Process of web outreach
Thematic analysis revealed that the process of the NGO’s web outreach includes three distinct stages: initiating communication, addressing the client’s needs, and receiving feedback from the client. Within each of the stages, several important issues came up, including PWUD’s behaviors, outreach workers’ actions, and challenges faced.
The first stage of web outreach is PWUD initiating communication with web outreach workers. Different scenarios for this stage were described by the informants, depending on how PWUD contacted the NGO in Telegram.
The most common scenario for a communication commencement is when PWUD send her request in the NGO’s Telegram chat. After the request is seen, a web outreach worker contacts the PWUD in the chat or sends a direct message to her. If the web outreach worker contacts the PWUD in the chat, both the request and the worker’s response are displayed to the other members of the chat. If the web outreach worker contacts the PWUD via direct message, only the request is displayed to the other chat members. In this case, the worker’s response is seen only by the worker and the PWUD who sent the request. Web outreach workers reported that they chose between the two options of contacting the PWUD depending on the request’s content. For cases where requests regarded common information, workers chose to reply in the chat as the information potentially could be of use to the other chat members. For cases where requests required a more personal and confidential approach, workers preferred to contact the PWUD directly.
Sometimes when a PWUD sends his request in the chat, other PWUD address his request and start communicating with one another. Under such circumstances, web outreach workers join and monitor the discussion to guarantee that the request of the PWUD was addressed properly. The deputy director of the NGO notes that such instances support the development of a safe space and a sense of community among members of the chat.
“[Communication between PWUD] is friendly and fun, but it is under my strict supervision. As a moderator, I supervise such discussions and whenever rudeness appears […] I intervene and explain that this is not a space for insulting each other […] we want this space to be of maximum safety for you [PWUD].” (Deputy director of the NGO)
Telegram messenger allows its users to anonymize themselves by not disclosing any personal information to other users.
“What Telegram is good for is that you can hide your phone number, use any made-up name or a nickname, and start messaging […] you won’t be identified. Then you can write there [in the NGO’s Telegram chat] anything you want […] and you will get a response.” (Deputy director of the NGO)
In addition, web outreach workers told us that sometimes they are contacted by PWUD in Telegram outside of the NGO’s chat, via direct messages. In such cases members of the chat cannot view requests of PWUD and responses of web outreach workers. One informant noticed that they were contacted more frequently in direct messages if they had been recently active in the Telegram chat and/or channel of the NGO.
“Sometimes questions [from PWUD] appear in response to newly published content by me [in Telegram channel and/or chat]. […] I noticed that the more often I respond [to PWUD’s messages in the chat], the more messages I get.” (Web outreach worker #3)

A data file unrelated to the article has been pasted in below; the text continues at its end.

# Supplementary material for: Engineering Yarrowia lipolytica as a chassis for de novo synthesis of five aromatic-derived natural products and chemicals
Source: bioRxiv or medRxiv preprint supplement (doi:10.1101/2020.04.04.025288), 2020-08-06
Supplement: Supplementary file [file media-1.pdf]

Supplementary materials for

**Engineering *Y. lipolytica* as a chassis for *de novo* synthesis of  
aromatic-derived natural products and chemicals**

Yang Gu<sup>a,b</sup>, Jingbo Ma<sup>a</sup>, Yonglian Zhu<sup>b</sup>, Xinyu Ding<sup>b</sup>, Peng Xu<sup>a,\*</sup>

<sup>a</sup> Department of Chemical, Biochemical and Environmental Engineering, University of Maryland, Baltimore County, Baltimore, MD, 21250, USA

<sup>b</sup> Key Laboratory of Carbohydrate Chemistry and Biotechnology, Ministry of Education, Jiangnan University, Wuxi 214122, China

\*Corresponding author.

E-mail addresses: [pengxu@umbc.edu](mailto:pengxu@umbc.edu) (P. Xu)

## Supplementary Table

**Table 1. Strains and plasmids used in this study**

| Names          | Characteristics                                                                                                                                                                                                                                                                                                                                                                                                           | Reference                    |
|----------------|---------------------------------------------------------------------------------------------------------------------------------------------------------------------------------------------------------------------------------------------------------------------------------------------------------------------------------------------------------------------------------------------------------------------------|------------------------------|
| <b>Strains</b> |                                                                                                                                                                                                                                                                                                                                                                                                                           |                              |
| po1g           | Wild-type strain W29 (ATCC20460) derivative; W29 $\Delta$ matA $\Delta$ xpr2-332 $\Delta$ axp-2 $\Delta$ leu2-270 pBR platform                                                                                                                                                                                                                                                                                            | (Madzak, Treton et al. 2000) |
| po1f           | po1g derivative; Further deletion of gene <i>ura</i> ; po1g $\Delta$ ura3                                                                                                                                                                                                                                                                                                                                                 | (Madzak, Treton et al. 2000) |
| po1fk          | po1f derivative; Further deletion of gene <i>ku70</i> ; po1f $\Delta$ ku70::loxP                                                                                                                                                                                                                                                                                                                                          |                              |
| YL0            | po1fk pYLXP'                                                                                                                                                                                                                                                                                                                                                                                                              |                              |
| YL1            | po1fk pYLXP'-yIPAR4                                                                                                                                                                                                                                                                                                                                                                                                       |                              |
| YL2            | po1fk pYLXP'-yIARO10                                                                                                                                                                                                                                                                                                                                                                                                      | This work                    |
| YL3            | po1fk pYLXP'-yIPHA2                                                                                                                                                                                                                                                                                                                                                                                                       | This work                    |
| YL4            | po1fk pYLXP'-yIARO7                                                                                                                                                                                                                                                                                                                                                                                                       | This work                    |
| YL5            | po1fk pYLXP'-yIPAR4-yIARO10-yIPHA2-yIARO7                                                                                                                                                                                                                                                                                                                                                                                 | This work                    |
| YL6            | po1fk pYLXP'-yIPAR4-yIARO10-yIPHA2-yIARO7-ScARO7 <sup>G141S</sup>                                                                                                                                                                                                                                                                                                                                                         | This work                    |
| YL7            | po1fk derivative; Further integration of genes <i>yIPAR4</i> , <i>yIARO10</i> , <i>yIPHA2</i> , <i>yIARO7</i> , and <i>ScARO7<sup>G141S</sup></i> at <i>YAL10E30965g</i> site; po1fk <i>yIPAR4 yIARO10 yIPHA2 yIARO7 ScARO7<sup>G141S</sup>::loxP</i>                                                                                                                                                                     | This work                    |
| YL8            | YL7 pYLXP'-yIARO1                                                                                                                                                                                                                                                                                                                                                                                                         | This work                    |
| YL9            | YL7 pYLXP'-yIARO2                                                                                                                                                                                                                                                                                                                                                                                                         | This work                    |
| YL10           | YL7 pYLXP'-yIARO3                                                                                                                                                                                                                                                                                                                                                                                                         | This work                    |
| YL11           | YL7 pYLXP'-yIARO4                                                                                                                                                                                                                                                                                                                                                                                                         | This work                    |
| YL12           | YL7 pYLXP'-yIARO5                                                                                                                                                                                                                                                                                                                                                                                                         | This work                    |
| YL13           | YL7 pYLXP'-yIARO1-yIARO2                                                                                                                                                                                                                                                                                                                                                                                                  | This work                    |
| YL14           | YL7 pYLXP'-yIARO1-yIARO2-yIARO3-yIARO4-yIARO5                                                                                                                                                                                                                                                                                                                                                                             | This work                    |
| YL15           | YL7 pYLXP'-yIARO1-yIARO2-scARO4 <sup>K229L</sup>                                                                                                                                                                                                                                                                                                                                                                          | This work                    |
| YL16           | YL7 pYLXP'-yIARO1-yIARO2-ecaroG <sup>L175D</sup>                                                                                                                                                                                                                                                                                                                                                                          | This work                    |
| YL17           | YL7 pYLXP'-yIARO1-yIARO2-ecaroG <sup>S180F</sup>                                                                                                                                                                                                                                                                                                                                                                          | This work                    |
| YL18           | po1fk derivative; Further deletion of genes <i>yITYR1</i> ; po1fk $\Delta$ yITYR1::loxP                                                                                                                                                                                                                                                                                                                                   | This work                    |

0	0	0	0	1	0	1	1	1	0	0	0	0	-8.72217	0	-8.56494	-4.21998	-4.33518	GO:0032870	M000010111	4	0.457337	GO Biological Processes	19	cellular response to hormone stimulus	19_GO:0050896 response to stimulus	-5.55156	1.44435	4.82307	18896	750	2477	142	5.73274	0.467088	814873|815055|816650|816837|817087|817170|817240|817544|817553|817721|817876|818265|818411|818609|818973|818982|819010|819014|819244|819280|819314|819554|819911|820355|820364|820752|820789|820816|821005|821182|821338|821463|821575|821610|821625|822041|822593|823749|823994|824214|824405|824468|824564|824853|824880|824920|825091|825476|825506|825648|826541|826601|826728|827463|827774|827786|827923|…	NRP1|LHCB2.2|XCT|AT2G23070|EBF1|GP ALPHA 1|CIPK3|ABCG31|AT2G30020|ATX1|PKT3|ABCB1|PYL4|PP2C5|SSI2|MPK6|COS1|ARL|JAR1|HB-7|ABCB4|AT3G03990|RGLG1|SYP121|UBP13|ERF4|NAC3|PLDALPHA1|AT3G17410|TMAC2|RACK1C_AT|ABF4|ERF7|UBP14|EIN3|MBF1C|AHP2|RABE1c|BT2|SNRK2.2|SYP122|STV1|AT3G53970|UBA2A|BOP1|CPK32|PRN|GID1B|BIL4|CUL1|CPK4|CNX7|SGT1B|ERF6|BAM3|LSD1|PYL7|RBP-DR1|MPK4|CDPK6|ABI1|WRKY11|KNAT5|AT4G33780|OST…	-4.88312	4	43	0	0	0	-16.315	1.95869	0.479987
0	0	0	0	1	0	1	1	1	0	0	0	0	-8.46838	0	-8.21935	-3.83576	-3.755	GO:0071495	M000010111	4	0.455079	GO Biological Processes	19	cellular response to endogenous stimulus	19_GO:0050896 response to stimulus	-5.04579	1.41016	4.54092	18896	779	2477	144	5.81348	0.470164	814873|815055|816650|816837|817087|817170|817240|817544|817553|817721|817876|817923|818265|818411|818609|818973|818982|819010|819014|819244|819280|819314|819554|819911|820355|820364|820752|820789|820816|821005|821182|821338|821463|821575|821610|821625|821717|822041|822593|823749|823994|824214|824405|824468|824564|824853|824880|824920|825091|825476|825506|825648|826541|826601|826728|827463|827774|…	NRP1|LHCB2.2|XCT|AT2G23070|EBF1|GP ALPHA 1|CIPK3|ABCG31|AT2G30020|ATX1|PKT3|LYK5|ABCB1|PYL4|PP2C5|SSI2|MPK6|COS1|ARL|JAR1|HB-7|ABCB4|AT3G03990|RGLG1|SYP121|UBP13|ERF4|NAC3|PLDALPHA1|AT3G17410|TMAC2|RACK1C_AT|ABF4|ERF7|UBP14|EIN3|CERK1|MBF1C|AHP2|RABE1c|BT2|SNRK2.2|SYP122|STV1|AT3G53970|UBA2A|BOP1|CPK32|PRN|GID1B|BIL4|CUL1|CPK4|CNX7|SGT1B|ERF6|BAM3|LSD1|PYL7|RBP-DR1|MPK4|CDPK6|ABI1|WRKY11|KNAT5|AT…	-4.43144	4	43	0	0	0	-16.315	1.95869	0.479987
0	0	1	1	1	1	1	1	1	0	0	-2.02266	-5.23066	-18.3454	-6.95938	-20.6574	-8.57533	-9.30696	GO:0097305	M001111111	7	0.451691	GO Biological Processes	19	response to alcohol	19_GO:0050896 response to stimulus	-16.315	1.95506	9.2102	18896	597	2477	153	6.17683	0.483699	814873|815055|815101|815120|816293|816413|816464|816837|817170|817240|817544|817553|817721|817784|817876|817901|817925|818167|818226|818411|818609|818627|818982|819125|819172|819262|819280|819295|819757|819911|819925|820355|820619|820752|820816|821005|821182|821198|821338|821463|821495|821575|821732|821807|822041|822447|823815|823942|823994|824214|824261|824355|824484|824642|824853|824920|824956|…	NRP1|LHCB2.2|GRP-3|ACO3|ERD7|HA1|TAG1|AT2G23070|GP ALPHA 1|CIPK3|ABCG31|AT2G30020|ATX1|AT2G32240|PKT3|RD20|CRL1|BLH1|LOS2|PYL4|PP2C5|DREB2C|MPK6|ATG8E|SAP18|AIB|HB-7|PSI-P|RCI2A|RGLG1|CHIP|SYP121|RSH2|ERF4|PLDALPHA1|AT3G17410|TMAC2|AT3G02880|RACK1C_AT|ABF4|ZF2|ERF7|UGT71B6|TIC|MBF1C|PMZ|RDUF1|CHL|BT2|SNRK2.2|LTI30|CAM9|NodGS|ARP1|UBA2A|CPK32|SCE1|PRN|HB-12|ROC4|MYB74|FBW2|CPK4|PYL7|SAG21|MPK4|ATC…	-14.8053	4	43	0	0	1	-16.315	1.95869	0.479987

Another web outreach worker noted that some PWUD, who contacted her in direct messages but were not members of the NGO’s chat, got her contact information from the worker’s previous clients. Those clients seemed to advertise the worker’s services among their peers, thus increasing web outreach popularity among PWUD.
“They [PWUD] often message me saying, ‘my friend told me that […] you can give me some advice or teach me about something.’” (Web outreach worker #1)
The second stage of web outreach is the actual process of addressing clients’ needs by the NGO’s workers. Either the web outreach workers provide services to the clients themselves, or if they are unable to do it, they provide clients with contact information of other workers in the NGO, who are capable of assisting PWUD.
Telegram was described as a convenient “first step” of communication between a PWUD and a web outreach worker. These initial contacts via Telegram can open the door to harm reduction services being provided, both through further online consultations or referral to offline services.
“I find Telegram convenient, but it is just a start […] Comparing it to mobile units […] there is a door, which you enter […] then a window, where you get everything you need and get tested […] Telegram is the ‘door’, it is this first step […] It is what contact with a person starts from.” (Web outreach worker #2)
Several challenges related to the second stage of web outreach work were mentioned by informants, each of them related to specifics of the services online provision. One challenge is that PWUD send their requests to web outreach workers at nighttime when web outreach workers are unable to provide immediate help. In such cases, the clients are contacted in the morning and informed about time periods when workers are not able to respond to them promptly.
“We all need some time for ourselves. Any web outreach worker, including me, is sleeping at 4 AM. What you do is just explain [that you were unavailable] and, of course, provide services according to the request.” (Web outreach worker #3)